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A petiton in Support of “Game Strike”

March 24, 2017 (16:31) | 2016 | By: Arlin Miller

Bob Bergen shared a link:

From our game strike fearless leader, Keythe Farley:

Hi Everyone,

In the months leading up to the strike, your Negotiating Committee unanimously decided that if we had to strike, our strategy would be to attempt to secure new work for our members even as we stopped working for The Game Corporations. It was our belief that there were “good players” out there who’d remain eager to work with us if we made our proposed contracts available to them.

It seems that we were right.

I am pleased to announce that we have had enormous success signing games to our new promulgated agreements. Since our rally in February, we have DOUBLED the number of games signed to these contracts. At this point, over 25 games have signed on, with more titles in the hopper. They range from indie games all the way up to several well-known titles, and include two HUGE audio houses.

Out of respect for their IP, we’ve decided not to disclose the actual titles and companies, but I know a lot of you have already begun working under these new contracts: contracts that provide you with contingent compensation; contracts that have vocal stress and stunt safety provisions built in; contracts that will tell you or your representative the actual title of the game you’re booked on, your role in it and what your performance will entail; contracts that pay commercial rates when you voice a commercial for a video game.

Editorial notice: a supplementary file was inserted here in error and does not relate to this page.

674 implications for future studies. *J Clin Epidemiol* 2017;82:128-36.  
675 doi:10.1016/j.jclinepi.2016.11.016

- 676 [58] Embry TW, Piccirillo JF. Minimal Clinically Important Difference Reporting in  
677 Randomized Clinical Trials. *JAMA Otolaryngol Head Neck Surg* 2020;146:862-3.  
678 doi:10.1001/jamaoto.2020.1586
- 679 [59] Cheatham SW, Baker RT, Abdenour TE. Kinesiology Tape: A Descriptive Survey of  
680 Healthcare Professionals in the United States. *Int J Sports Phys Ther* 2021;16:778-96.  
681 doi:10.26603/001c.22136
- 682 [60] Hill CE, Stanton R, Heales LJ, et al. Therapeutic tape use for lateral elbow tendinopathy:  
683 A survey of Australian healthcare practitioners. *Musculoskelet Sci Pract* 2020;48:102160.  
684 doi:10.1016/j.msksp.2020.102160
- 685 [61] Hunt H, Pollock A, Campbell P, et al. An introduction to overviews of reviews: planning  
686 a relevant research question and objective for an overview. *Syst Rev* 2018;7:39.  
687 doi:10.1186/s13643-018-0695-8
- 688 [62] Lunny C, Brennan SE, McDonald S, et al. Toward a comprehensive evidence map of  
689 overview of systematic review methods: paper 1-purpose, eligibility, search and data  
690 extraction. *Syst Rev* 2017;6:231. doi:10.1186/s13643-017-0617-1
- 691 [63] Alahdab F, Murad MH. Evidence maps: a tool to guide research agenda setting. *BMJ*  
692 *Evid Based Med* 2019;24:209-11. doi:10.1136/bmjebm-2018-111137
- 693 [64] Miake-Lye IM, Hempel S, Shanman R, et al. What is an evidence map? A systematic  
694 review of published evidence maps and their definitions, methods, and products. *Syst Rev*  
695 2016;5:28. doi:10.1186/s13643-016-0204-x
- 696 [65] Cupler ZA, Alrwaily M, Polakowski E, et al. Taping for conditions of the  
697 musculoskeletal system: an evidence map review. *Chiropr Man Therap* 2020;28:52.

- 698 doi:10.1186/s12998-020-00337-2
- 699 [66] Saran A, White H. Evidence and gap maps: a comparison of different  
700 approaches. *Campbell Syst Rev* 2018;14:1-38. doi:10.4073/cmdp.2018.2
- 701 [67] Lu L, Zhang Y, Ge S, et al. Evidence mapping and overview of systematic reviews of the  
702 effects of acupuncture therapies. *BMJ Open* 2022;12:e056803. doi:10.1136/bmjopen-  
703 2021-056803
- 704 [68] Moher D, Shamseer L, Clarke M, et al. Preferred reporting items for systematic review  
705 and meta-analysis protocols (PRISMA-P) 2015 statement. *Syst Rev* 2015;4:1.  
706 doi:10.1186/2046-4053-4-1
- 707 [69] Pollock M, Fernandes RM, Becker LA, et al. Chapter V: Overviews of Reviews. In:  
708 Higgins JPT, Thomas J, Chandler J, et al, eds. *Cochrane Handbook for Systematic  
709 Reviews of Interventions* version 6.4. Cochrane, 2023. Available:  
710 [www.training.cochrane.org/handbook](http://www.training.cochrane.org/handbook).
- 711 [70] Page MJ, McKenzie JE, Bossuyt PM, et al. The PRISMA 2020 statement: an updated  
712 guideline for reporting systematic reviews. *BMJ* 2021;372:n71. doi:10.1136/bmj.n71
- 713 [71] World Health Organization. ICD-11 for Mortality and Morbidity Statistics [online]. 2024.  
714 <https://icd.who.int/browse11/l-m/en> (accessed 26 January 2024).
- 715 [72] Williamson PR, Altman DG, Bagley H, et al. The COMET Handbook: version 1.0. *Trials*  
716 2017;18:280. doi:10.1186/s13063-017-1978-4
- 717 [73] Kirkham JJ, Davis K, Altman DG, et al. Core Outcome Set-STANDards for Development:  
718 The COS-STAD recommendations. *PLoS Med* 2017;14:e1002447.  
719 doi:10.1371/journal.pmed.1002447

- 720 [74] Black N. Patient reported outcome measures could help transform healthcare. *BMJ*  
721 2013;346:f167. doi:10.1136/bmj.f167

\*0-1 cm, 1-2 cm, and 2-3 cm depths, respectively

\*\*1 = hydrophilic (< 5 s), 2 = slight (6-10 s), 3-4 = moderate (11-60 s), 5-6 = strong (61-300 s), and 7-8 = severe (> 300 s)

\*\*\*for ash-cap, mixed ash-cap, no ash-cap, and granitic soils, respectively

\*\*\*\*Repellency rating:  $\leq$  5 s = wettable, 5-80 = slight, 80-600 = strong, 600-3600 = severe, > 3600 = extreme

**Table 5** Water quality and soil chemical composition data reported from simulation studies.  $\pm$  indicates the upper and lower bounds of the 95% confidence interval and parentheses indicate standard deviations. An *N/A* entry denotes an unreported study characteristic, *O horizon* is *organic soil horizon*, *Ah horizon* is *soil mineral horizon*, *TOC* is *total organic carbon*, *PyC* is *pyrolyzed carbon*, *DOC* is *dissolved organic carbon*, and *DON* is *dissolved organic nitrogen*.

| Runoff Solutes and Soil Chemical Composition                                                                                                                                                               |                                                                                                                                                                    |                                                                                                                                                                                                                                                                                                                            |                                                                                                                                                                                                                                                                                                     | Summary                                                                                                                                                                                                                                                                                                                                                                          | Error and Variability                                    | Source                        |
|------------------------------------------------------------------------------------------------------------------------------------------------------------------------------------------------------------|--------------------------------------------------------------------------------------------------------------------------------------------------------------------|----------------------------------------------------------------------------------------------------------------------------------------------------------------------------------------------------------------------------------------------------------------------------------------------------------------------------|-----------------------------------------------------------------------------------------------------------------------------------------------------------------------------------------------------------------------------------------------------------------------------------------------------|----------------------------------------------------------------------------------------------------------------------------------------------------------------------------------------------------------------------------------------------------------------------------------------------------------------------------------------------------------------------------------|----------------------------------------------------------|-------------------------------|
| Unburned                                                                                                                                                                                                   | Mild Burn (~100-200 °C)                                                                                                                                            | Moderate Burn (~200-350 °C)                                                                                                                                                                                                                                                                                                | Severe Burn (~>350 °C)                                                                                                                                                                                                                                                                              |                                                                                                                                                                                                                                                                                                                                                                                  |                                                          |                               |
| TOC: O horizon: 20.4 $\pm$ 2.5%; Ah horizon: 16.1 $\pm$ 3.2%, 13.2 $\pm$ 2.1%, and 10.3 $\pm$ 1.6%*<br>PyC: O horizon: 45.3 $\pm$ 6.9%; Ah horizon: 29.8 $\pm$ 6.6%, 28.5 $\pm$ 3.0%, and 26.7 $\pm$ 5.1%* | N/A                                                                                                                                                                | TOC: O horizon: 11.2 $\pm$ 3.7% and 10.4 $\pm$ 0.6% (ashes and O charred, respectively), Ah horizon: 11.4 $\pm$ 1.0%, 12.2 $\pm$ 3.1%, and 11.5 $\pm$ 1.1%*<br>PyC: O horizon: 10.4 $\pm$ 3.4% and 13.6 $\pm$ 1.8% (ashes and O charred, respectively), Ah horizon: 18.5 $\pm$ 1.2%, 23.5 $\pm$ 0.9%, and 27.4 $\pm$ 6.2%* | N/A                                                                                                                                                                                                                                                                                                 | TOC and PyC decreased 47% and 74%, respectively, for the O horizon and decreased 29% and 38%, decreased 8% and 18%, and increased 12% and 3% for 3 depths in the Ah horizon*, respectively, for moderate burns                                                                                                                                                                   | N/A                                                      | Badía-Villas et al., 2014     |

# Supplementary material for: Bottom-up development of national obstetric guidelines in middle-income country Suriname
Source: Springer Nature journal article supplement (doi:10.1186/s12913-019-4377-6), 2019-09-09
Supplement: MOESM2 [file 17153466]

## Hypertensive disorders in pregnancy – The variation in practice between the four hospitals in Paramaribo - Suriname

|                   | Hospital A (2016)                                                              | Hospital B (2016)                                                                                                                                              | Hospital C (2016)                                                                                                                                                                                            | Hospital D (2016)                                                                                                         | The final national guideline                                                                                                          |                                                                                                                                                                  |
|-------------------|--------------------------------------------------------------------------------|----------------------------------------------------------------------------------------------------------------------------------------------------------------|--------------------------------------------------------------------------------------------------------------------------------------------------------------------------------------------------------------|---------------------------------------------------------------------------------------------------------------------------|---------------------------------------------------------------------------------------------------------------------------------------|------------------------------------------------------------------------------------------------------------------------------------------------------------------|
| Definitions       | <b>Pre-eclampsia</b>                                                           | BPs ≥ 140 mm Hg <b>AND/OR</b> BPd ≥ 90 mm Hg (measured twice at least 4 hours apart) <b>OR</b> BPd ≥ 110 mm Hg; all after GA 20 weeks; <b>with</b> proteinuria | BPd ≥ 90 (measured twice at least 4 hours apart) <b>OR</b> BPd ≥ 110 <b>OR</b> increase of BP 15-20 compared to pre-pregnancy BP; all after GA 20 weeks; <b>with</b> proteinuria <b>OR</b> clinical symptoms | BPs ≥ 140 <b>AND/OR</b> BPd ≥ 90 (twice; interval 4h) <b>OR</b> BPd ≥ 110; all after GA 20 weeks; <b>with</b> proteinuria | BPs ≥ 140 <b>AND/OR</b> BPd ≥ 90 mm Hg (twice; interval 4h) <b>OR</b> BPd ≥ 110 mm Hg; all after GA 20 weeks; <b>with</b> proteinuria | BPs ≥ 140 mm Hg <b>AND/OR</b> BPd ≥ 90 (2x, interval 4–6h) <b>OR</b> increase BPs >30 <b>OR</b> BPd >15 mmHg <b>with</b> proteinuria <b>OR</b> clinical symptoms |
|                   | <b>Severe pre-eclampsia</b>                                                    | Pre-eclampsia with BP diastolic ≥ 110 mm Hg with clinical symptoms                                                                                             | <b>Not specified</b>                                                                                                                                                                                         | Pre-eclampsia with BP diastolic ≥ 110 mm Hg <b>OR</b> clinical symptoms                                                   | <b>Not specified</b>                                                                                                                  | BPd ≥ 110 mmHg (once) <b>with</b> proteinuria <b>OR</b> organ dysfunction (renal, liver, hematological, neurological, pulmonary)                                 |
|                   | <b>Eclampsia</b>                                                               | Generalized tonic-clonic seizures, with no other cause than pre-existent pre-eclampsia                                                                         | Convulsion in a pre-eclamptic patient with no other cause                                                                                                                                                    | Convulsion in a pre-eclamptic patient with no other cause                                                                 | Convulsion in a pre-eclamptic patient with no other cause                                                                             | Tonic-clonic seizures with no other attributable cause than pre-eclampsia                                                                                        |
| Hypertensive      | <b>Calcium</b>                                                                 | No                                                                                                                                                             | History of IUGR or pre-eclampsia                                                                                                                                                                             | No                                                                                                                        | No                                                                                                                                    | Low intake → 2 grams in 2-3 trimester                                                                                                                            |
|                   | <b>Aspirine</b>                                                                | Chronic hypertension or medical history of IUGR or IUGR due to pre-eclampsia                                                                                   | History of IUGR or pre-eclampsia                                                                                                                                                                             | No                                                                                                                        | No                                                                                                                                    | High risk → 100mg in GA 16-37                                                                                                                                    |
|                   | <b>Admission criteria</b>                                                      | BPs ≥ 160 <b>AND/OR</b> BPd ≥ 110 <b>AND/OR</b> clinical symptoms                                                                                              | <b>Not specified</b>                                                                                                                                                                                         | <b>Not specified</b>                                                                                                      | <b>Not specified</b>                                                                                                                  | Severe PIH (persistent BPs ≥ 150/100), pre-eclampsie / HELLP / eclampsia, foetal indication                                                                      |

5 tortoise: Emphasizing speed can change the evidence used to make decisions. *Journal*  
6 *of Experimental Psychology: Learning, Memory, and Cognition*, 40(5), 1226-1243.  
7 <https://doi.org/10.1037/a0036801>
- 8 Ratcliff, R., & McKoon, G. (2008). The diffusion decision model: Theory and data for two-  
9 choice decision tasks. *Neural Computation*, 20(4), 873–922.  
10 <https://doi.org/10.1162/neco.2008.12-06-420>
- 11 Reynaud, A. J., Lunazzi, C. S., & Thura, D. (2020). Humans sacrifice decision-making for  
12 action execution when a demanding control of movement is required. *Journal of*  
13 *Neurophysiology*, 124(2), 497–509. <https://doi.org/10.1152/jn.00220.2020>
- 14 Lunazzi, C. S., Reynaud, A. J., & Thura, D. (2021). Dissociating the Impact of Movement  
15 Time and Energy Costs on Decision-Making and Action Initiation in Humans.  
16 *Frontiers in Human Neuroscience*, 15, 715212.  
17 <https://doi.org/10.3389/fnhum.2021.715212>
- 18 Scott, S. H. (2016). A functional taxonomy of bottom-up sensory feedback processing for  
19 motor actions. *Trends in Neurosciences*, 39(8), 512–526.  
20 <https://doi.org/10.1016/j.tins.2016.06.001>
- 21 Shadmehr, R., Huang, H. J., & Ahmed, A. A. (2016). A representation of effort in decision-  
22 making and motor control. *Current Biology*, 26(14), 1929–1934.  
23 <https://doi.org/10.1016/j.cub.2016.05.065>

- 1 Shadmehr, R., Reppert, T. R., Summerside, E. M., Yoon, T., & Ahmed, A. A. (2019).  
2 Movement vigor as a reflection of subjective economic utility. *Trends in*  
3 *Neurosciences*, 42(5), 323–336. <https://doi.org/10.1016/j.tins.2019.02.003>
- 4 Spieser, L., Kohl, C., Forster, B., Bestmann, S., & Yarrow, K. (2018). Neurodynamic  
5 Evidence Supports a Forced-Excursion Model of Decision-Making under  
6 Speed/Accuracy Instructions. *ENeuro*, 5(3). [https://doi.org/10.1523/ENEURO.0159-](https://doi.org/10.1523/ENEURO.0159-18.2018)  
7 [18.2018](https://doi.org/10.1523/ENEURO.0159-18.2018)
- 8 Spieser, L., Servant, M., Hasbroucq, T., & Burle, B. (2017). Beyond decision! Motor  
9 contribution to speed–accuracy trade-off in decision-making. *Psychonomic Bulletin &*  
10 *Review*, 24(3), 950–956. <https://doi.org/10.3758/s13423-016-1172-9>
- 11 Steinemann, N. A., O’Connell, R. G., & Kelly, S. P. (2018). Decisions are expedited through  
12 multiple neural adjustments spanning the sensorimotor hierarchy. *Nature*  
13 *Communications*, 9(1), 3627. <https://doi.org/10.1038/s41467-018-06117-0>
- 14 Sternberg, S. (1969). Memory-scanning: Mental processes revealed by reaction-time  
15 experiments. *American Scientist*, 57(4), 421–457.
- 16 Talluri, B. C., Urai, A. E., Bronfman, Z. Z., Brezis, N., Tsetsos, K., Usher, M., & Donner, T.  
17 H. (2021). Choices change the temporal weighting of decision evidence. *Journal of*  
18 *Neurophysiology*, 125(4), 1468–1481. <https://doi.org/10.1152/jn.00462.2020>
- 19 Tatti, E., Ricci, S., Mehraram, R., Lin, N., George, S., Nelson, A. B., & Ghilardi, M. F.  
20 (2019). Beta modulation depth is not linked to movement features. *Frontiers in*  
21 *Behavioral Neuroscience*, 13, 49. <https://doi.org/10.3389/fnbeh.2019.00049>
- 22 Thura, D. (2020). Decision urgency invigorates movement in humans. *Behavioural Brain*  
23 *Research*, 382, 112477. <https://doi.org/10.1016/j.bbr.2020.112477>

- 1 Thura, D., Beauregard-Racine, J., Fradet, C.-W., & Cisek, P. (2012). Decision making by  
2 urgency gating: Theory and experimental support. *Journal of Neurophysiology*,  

It seems that there are many developers in the industry who are willing to go forward WITH a fair contract and WITHOUT the Corporate 11. Of course, we continue to invite the Game Corps to join us— all it takes is a phone call— but until they do, we remain on strike against them.

One other thing: a few fans and actors have reached out asking for a petition they can sign to show their solidarity and support of our ongoing efforts. A fellow supporter created one here:


Please add your name and spread the word! I’m sure your friends and fans would appreciate the update because, trust me, people have been asking for one.


Continue to stay strong. We’re making real progress thanks to you.

Continue to forward us any nonunion auditions that are coming your way to videogames@sagaftra.org (we’ve had great success flipping games this way)

Continue to stand up and speak up!

In Solidarity

To our VO Folks: ” Continue the good fight!”


The Ol’ SAG Watchdog



AMPTP To Stuntwomen: If You See Something, Say Something!